What Can We Learn From Related Industries?

moderator: Scott Sarazen, MassDevelopment
author: Andrew Parece, analysisgroup
author: Tamsin S. Randlett, Gap Inc
author: Stephen M. Sammut, Burrill & Company
published: Sept. 16, 2013,   recorded: August 2004,   views: 1828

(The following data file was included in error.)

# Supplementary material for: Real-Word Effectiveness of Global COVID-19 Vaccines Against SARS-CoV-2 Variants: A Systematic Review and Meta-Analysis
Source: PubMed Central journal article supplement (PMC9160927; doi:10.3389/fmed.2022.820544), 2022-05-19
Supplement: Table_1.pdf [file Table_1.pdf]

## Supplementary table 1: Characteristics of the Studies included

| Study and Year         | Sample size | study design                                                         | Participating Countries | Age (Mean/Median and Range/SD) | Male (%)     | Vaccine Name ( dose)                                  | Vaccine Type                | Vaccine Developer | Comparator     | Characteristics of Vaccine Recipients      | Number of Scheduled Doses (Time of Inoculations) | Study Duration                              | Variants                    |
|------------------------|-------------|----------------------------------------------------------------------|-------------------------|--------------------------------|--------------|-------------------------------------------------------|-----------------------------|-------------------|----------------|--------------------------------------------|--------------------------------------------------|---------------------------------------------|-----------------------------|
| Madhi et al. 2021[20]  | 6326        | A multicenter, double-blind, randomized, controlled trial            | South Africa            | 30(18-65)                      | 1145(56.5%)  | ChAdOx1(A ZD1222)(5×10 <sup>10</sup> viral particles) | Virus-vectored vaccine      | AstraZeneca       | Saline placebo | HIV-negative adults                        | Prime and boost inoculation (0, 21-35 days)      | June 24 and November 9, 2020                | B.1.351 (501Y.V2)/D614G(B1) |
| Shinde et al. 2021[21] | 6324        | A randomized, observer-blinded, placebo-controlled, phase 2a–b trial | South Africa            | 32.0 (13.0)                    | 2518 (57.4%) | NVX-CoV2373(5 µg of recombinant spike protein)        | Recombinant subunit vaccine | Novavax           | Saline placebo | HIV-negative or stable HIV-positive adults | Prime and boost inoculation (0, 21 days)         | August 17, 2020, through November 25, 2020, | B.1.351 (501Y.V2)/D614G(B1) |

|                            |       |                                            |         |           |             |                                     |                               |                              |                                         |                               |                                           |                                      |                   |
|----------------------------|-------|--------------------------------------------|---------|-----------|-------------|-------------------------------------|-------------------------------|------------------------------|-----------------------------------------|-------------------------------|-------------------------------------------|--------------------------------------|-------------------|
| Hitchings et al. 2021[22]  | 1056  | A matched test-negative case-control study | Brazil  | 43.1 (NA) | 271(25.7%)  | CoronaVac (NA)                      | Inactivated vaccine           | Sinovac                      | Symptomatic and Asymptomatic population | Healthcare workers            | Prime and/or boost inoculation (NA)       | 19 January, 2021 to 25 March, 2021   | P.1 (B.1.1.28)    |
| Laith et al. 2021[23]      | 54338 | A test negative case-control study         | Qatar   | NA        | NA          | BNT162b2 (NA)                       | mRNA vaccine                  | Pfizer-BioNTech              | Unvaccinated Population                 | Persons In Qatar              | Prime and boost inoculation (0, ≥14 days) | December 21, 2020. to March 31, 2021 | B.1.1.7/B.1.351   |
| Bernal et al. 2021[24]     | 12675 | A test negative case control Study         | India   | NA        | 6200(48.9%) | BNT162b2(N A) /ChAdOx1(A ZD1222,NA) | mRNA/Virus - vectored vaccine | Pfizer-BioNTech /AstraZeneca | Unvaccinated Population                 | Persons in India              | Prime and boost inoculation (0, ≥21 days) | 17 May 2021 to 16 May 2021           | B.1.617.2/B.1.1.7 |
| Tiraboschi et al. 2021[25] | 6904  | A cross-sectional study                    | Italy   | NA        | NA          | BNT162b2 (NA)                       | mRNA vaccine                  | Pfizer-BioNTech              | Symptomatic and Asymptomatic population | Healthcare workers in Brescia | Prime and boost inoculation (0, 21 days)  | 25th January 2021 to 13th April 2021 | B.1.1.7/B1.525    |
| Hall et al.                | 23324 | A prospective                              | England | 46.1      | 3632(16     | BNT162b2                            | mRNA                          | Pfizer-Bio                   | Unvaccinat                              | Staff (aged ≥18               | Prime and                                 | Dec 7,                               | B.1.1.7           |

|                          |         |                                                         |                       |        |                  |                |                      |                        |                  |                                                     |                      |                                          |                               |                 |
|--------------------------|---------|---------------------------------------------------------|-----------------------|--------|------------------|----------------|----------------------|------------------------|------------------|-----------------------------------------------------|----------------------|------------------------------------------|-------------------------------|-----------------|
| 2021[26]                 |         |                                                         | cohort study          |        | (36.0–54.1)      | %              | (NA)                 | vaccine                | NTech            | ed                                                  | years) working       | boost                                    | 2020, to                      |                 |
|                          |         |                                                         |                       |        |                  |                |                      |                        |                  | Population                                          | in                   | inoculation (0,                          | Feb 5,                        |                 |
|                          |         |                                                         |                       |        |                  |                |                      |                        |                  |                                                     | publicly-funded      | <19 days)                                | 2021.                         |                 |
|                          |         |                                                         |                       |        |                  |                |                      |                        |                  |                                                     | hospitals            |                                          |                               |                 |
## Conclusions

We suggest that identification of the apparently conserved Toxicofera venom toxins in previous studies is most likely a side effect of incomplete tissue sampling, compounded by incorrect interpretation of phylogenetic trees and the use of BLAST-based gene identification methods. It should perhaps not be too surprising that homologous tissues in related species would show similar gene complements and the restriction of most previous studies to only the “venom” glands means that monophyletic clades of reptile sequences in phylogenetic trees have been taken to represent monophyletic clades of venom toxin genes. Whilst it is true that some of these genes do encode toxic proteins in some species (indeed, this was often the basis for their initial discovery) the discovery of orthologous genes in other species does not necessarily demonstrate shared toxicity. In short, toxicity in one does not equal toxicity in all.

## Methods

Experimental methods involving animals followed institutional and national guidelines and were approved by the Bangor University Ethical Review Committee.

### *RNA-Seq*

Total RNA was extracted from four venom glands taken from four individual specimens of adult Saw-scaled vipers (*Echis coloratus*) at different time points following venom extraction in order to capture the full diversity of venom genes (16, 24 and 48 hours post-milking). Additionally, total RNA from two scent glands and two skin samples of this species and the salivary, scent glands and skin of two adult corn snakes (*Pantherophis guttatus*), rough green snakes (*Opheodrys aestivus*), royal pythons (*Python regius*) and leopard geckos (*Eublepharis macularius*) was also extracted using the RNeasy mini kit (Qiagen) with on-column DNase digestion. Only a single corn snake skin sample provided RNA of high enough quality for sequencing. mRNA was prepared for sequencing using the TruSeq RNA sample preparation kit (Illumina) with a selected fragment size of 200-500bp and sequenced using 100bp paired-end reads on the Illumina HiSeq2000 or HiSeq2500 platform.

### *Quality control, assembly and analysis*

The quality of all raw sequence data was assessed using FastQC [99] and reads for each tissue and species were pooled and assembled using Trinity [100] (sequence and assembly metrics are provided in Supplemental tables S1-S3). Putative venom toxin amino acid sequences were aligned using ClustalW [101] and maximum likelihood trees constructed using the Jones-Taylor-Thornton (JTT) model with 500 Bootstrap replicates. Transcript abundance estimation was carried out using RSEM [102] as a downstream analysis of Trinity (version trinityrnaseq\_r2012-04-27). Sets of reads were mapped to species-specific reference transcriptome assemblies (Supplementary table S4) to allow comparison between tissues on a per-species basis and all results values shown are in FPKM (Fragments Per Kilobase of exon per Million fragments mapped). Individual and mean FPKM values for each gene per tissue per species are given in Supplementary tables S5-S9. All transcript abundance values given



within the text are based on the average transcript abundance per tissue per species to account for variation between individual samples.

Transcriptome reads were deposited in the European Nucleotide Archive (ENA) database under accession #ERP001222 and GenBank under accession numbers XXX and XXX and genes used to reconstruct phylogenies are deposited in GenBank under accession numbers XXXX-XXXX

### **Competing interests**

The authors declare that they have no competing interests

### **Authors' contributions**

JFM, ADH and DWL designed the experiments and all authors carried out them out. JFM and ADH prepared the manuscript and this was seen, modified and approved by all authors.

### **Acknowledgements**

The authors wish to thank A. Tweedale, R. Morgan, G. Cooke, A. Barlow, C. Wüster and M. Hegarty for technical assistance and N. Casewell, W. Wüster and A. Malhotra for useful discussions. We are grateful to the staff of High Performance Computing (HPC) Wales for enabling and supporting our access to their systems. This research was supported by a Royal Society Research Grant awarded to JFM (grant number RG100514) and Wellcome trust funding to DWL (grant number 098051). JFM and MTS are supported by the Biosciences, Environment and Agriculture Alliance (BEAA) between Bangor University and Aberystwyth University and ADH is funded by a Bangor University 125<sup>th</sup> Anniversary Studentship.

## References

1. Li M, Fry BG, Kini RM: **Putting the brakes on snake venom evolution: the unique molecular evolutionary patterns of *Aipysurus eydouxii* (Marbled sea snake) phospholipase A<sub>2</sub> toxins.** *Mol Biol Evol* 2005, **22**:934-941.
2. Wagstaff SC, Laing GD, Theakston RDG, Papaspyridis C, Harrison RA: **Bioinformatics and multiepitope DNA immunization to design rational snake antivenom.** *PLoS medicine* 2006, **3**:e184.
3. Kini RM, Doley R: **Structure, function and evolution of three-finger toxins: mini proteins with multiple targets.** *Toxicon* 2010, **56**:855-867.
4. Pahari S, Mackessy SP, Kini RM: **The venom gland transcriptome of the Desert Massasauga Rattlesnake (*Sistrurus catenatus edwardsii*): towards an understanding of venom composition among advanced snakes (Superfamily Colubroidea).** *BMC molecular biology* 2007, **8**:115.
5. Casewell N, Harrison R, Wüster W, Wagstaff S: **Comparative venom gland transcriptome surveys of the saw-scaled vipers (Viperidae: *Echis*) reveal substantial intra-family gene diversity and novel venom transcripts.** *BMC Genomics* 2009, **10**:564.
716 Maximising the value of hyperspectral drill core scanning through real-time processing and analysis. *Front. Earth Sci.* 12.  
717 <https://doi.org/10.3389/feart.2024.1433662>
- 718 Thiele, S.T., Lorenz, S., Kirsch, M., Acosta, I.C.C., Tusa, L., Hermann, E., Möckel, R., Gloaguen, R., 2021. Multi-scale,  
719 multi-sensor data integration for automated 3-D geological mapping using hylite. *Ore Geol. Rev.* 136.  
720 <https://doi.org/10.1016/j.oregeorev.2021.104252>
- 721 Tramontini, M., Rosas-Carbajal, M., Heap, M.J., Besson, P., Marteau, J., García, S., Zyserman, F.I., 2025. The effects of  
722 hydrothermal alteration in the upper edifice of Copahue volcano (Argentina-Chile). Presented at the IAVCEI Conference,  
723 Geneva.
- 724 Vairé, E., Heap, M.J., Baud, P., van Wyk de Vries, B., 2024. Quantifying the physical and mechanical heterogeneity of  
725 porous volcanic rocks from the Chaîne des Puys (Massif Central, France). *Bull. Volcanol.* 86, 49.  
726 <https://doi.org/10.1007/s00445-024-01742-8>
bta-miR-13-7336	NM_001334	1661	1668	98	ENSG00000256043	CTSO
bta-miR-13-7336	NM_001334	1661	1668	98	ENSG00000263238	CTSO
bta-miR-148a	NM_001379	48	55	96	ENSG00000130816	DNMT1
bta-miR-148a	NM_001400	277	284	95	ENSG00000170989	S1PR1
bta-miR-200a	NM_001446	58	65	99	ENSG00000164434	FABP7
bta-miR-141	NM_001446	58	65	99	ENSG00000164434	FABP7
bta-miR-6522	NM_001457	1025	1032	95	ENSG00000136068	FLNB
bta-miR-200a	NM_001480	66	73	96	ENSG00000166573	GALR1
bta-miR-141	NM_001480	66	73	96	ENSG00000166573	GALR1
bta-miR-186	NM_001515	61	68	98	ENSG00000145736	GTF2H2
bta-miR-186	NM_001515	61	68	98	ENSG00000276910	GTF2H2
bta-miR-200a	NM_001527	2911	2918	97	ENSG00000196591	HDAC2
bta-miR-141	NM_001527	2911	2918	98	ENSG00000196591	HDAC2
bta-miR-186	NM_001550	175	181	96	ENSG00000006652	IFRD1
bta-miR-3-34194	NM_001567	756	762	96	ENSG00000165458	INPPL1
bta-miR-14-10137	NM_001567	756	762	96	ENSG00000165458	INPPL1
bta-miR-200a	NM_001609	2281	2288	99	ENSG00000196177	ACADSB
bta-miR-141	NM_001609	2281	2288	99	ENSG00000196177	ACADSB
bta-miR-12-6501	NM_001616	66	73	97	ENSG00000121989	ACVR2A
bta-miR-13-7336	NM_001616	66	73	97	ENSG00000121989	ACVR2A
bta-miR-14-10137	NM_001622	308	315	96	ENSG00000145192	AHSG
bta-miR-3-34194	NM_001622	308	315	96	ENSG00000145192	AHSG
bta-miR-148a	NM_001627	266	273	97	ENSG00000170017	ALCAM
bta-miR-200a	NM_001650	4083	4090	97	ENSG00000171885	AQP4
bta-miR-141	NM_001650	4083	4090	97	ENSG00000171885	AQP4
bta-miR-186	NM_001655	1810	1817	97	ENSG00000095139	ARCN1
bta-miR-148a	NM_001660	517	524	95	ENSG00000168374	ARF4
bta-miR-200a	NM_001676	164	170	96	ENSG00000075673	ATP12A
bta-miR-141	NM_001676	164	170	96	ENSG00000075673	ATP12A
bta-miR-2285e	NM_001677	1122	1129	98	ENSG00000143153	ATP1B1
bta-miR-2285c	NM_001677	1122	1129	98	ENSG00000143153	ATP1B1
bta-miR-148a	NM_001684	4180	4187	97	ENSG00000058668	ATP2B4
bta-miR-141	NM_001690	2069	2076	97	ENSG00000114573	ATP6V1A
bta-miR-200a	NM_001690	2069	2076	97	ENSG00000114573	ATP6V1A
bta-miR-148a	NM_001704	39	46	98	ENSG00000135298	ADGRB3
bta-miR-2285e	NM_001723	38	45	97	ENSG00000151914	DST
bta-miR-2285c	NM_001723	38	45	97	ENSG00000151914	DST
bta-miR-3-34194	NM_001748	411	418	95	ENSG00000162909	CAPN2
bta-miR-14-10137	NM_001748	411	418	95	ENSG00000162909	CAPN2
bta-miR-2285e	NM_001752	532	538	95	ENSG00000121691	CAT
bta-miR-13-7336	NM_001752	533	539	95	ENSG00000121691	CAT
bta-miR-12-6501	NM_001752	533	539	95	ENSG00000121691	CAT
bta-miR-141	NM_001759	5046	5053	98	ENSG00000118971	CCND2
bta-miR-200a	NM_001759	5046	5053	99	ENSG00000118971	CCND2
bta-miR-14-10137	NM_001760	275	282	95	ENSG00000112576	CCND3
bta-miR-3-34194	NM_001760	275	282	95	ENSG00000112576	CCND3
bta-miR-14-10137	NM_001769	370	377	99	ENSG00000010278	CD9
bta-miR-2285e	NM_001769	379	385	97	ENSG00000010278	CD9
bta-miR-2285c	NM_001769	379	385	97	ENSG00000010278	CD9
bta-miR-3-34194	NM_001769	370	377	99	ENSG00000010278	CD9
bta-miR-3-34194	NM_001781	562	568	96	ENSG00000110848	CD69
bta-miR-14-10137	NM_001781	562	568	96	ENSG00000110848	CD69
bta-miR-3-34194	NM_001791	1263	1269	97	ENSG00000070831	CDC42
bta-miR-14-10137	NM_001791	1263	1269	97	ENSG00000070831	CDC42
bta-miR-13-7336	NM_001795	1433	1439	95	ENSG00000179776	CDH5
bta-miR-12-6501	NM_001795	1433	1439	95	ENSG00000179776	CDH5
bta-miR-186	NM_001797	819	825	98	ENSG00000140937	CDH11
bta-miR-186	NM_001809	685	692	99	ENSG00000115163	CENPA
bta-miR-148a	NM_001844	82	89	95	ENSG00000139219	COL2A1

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In some ways, the pharmaceutical industry is unique from other industries, its upfront R&D costs, for instance are extremely high. But these panelists see some commonalities with other business sectors, and offer observations and counsel to drug manufacturers. Andrew Parece focuses on the trade of high tech goods, such as software, digital cameras and DVDs. There are difficulties controlling the free flow of these goods, and their prices, across borders—a challenge the drug industry also confronts today. Parece suggests that pharma companies “leverage their competitive advantage…to differentiate products, and turn offerings into products and services such as patient assistance and education, and disease management.” Tamsin Randlett of Gap, Inc. deals more with issues on the manufacturing end. The Gap outsources clothing production to companies in parts of the world where wage and labor standards lag. To respond to concerns about equity and human rights, Randlett partners with international labor organizations and NGOs. She suggests pharmaceutical industries similarly “leverage world health organizations…to bring greater credibility to your efforts” and sit down with politicians, even those opposed to industry positions. Stephen Sammut’s venture capital group invests in the biosecurity business. Just as in drug manufacturing, biosecurity involves risky and expensive R&D, licensing and liability questions, and unpredictable market size. Since “northern hemisphere concerns about biosecurity are the daily disease burden of many countries in the southern hemisphere,” says Sammut, one answer to the pricing problem may be creating drugs useful for both markets simultaneously.

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